Raj Chovatiya, MD, PhD, and Lisa Swanson, MD, FAAD, explore the burden of itch in atopic dermatitis, and why JAK inhibitors may be able to provide relief.
Raj Chovatiya, MD, PhD: For years, we’ve known that there are many domains of activity in atopic dermatitis. We’ve begun to understand that there are issues related to signs of the disease, symptoms of the disease, comorbidities, and quality of life. You can find a way to connect itch to all those aspects of life. Once we realized that itch was so important, it started making its way into studies and became an important end point that we treat for, in terms of looking for clinically meaningful improvement. This made us better clinicians because we were thinking about key symptoms. But we also have to figure out how we relate this to mental health concerns, like anxiety, depression, ADHD in kids. How do we relate this to quality-of-life burdens? People are focused on their itchy skin and can’t sleep at night. There are increased accidents. As a small example, people are probably distracted from itching as well. The rapidity and depth of response for itch may be the 1 thing we need to think more about when it comes to therapy. This is where both topical ruxolitinib, abrocitinib, and upadacitinib shine.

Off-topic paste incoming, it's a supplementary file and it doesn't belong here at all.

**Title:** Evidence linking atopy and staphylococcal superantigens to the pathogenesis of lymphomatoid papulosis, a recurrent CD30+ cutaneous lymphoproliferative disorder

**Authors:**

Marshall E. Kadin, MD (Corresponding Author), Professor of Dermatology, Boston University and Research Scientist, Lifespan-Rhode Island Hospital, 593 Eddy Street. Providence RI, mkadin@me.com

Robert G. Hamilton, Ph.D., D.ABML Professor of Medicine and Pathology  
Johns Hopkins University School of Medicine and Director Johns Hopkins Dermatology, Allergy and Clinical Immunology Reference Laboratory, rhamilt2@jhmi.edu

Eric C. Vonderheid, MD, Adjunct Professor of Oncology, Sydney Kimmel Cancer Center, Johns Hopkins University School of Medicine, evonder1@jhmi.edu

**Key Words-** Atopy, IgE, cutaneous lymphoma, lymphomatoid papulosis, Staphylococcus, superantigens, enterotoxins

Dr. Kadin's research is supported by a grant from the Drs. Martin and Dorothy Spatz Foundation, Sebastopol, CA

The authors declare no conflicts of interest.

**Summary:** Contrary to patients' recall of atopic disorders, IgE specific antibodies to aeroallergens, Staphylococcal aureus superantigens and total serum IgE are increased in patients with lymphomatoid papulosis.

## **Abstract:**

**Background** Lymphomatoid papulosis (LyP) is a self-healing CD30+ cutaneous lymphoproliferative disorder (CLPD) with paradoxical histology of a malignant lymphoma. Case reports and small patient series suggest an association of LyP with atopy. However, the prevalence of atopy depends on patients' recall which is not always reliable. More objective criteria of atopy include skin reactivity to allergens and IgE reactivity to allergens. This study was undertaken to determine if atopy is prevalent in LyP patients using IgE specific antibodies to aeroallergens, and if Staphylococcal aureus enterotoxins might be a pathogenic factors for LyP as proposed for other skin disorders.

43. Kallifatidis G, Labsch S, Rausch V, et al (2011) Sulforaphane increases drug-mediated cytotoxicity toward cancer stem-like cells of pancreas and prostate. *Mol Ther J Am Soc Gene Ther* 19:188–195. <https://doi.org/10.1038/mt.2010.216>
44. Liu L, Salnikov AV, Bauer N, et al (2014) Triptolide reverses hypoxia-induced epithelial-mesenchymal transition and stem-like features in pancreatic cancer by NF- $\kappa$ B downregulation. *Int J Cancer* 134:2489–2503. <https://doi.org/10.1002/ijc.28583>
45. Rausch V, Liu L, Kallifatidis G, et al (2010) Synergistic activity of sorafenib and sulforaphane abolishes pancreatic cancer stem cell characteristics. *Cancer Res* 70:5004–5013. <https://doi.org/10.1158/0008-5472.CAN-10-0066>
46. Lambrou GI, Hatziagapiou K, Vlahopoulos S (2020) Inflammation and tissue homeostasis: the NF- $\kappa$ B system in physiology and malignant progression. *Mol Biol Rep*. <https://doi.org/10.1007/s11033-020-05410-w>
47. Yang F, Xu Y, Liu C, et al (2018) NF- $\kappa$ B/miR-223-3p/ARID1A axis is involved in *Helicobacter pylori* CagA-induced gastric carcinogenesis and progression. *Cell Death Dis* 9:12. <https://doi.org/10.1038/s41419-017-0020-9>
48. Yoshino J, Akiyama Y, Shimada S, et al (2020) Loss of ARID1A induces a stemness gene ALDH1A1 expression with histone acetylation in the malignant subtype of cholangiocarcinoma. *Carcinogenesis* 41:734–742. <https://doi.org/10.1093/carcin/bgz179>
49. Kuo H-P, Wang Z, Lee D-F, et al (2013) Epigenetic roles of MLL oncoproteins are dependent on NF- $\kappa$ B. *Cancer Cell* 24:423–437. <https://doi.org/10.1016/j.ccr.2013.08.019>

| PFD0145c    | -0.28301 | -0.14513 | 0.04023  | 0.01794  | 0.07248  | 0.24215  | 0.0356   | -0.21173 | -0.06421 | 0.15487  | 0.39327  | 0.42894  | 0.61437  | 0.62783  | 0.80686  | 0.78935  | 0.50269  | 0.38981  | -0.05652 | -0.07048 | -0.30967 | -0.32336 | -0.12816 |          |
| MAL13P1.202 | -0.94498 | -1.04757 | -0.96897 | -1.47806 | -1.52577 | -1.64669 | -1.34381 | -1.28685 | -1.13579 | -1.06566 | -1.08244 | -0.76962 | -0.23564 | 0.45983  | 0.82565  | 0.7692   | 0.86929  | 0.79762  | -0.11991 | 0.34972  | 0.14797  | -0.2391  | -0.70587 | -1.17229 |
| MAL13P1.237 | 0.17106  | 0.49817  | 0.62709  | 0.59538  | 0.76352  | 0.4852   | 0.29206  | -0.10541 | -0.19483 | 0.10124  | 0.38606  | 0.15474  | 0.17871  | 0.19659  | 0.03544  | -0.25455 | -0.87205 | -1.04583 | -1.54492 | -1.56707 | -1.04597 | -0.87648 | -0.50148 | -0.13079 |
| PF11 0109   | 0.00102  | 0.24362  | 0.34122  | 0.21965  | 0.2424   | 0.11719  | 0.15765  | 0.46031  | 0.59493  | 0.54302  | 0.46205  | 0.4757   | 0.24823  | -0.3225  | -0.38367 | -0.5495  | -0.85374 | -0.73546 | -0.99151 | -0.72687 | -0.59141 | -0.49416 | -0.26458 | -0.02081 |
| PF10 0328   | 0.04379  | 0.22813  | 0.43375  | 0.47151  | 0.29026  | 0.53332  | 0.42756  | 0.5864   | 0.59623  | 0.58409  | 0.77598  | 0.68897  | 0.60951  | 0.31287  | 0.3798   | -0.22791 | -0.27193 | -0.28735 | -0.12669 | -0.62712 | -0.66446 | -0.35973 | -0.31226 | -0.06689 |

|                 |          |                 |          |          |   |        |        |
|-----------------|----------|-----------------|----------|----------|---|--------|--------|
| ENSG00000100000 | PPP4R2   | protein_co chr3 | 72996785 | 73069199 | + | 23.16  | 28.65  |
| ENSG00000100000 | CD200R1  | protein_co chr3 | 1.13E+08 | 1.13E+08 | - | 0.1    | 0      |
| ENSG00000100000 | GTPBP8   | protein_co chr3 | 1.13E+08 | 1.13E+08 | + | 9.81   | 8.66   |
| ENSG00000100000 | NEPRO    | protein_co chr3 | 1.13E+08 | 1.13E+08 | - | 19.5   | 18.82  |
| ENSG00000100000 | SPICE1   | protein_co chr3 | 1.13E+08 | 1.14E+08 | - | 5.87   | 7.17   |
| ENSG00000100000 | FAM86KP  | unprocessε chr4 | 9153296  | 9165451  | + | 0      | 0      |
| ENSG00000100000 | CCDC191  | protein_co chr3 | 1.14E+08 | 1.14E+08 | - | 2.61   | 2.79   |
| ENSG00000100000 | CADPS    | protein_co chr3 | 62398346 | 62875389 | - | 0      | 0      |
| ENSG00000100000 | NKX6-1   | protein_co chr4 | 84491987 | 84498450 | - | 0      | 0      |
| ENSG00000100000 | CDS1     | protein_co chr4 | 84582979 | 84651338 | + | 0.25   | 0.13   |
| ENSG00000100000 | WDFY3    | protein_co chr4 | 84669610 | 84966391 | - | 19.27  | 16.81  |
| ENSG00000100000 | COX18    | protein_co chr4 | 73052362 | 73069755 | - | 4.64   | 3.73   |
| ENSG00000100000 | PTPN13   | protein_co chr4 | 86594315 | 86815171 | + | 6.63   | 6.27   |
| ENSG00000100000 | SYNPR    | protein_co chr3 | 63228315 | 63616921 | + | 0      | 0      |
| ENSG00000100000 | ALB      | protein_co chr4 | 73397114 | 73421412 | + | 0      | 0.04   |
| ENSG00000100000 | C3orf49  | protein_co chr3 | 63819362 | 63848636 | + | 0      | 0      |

Lisa Swanson, MD, FAAD: The rapid itch relief goes back to mechanism of action and the basic science part of JAK inhibition. By taking the baton away, you’re stopping that relay race for not only IL-4 and IL-13 but also IL-31 and TSLP. You’re stopping all those things in their tracks, and a lot of those things are having a key impact on the itch. This is 1 situation where I accept some basic science into the conversation because—Raj, you know how much I love basic science—it definitely relates to what we clinically observe with our patients with these therapies.
Transcript edited for clarity